Voices of HMSOM: Batash Recognized by Federal Agency for COV   

Voices of HMSOM: Batash Recognized by Federal Agency for COVID Work

COVID-19, like all huge crises, has accelerated new perspectives and revelations amid a time of turmoil and change. In many cases, it has brought out “the best” in people.

Amid worldwide tragedy, one Hackensack Meridian School of Medicine student seized opportunities to make a difference. Ora Batash, a student in the 2019 Cohort, organized groups both through the School and out in the community that made an impact – so much so that she was awarded the United States Public Health Service Excellence in Public Health Award.

The U.S. Department of Health and Human Services recognized Batash’s “commitment to public health” amid the challenges of the pandemic, in distinguishing her.

For the self-professed “non-traditional” medical student, the award is a big milestone to mark her growth as a budding doctor, considering her attempts to help out both through the School and in her community over the trying times since the pandemic changed virtually everything in early 2020.

“Whatever I do in my career, I want it to be in direct service,” said Batash recently. “This is how I found my way to this calling.”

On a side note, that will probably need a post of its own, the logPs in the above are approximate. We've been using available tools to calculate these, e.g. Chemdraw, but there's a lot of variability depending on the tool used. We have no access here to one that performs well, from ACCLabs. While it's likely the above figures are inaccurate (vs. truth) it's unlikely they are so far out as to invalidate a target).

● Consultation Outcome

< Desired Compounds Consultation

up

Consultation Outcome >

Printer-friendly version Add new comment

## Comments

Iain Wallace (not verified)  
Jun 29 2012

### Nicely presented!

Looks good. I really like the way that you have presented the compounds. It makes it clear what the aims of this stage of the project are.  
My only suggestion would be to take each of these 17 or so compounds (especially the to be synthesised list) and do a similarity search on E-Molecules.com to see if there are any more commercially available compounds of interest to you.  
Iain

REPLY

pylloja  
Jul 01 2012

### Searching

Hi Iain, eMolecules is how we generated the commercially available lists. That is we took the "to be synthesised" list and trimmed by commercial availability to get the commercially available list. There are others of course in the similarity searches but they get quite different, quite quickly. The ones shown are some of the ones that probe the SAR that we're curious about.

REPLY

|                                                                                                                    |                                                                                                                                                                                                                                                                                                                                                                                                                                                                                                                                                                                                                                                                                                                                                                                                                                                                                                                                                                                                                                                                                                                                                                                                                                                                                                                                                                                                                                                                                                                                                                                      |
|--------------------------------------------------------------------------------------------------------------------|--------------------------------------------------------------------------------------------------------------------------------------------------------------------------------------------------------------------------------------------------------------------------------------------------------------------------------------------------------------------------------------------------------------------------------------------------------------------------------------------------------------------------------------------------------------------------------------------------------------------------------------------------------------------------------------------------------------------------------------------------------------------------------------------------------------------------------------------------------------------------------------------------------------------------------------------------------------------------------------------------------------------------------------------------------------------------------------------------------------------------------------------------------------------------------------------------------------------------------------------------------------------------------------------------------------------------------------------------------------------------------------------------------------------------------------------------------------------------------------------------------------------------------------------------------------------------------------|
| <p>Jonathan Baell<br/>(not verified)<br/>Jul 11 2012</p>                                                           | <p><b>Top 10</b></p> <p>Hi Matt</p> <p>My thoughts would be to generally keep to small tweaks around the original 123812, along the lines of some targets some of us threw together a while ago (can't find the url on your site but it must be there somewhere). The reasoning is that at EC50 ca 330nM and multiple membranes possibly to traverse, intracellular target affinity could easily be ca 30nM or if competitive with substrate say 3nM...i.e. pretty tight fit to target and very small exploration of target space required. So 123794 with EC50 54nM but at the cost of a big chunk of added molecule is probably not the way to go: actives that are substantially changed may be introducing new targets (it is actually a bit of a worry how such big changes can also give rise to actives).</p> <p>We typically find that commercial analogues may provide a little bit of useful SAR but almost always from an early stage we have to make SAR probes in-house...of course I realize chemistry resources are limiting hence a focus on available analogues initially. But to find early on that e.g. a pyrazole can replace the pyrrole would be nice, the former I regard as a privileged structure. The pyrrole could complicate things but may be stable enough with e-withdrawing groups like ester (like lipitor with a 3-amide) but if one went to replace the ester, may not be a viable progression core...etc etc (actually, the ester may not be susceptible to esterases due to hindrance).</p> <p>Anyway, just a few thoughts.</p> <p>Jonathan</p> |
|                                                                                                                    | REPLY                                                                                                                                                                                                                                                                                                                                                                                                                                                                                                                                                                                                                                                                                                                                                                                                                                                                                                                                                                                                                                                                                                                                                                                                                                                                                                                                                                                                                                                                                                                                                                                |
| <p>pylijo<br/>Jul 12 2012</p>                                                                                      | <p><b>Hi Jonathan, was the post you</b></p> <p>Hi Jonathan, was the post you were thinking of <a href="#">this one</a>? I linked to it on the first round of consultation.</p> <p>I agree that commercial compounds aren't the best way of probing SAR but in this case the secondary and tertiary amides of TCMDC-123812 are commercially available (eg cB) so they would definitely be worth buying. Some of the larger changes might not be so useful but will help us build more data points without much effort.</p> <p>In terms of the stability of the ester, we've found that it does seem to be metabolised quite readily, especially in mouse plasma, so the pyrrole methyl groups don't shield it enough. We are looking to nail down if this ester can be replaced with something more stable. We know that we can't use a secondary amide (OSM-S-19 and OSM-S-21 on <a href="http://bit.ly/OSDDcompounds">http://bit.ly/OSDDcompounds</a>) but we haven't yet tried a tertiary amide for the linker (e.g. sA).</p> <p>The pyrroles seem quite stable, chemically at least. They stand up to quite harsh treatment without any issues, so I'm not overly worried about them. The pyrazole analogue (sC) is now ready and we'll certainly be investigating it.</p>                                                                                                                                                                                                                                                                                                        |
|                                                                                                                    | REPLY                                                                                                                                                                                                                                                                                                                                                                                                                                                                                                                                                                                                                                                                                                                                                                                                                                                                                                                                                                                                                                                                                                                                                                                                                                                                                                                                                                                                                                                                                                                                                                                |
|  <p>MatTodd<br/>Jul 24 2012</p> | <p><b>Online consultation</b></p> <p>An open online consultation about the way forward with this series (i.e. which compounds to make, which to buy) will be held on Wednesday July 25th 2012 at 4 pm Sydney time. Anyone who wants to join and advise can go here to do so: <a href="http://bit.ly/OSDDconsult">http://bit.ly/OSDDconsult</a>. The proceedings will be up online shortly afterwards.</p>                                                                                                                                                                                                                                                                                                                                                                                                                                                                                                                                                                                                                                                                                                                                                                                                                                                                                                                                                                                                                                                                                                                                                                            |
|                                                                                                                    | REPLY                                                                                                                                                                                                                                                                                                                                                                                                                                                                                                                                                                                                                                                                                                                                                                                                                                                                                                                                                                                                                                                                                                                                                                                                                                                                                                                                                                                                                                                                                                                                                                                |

It was not as direct a route as some other students.

“Ora brings a great spirit and a sharp mind to our student body, and we anticipate great things from her through a long and exciting career in medicine,” said Bonita Stanton, M.D., founding dean of the Hackensack Meridian School of Medicine.


Batash majored as an undergraduate in music composition and gender studies at New York University, and has spent most of her life honing her craft on the violin and guitar. But as she spent several years after college trying out a series of jobs, from working with a violin maker, to teaching elementary school children, she found that she was drawn again and again to community work, community organizing, and helping out where she could in and around New York City.

Batash is a first-generation American who grew up with her grandparents in Queens. Her grandmother, had been an obstetrician-gynecologist in her native Georgia before emigrating to the United States. The woman was a role model.

“This was a woman who married my grandfather at age 16 –but only after she got her father to agree to allow her to finish her degree,” said Batash.

In the United States, Ora watched her grandmother navigate around endless language and other barriers – especially when her own health was involved. Ora was partly motivated to pursue a career in medicine by her grandmother’s resilience, compassion, and care for the community around her despite the obstacles she faced.

So even as she was deciding on a long-term career path, Batash found herself doing community work through groups like Jews for Racial and Economic Justice, helping out where she could.


Batash found herself not just wanting, but needing, to do something amid the historic sweeping global pandemic.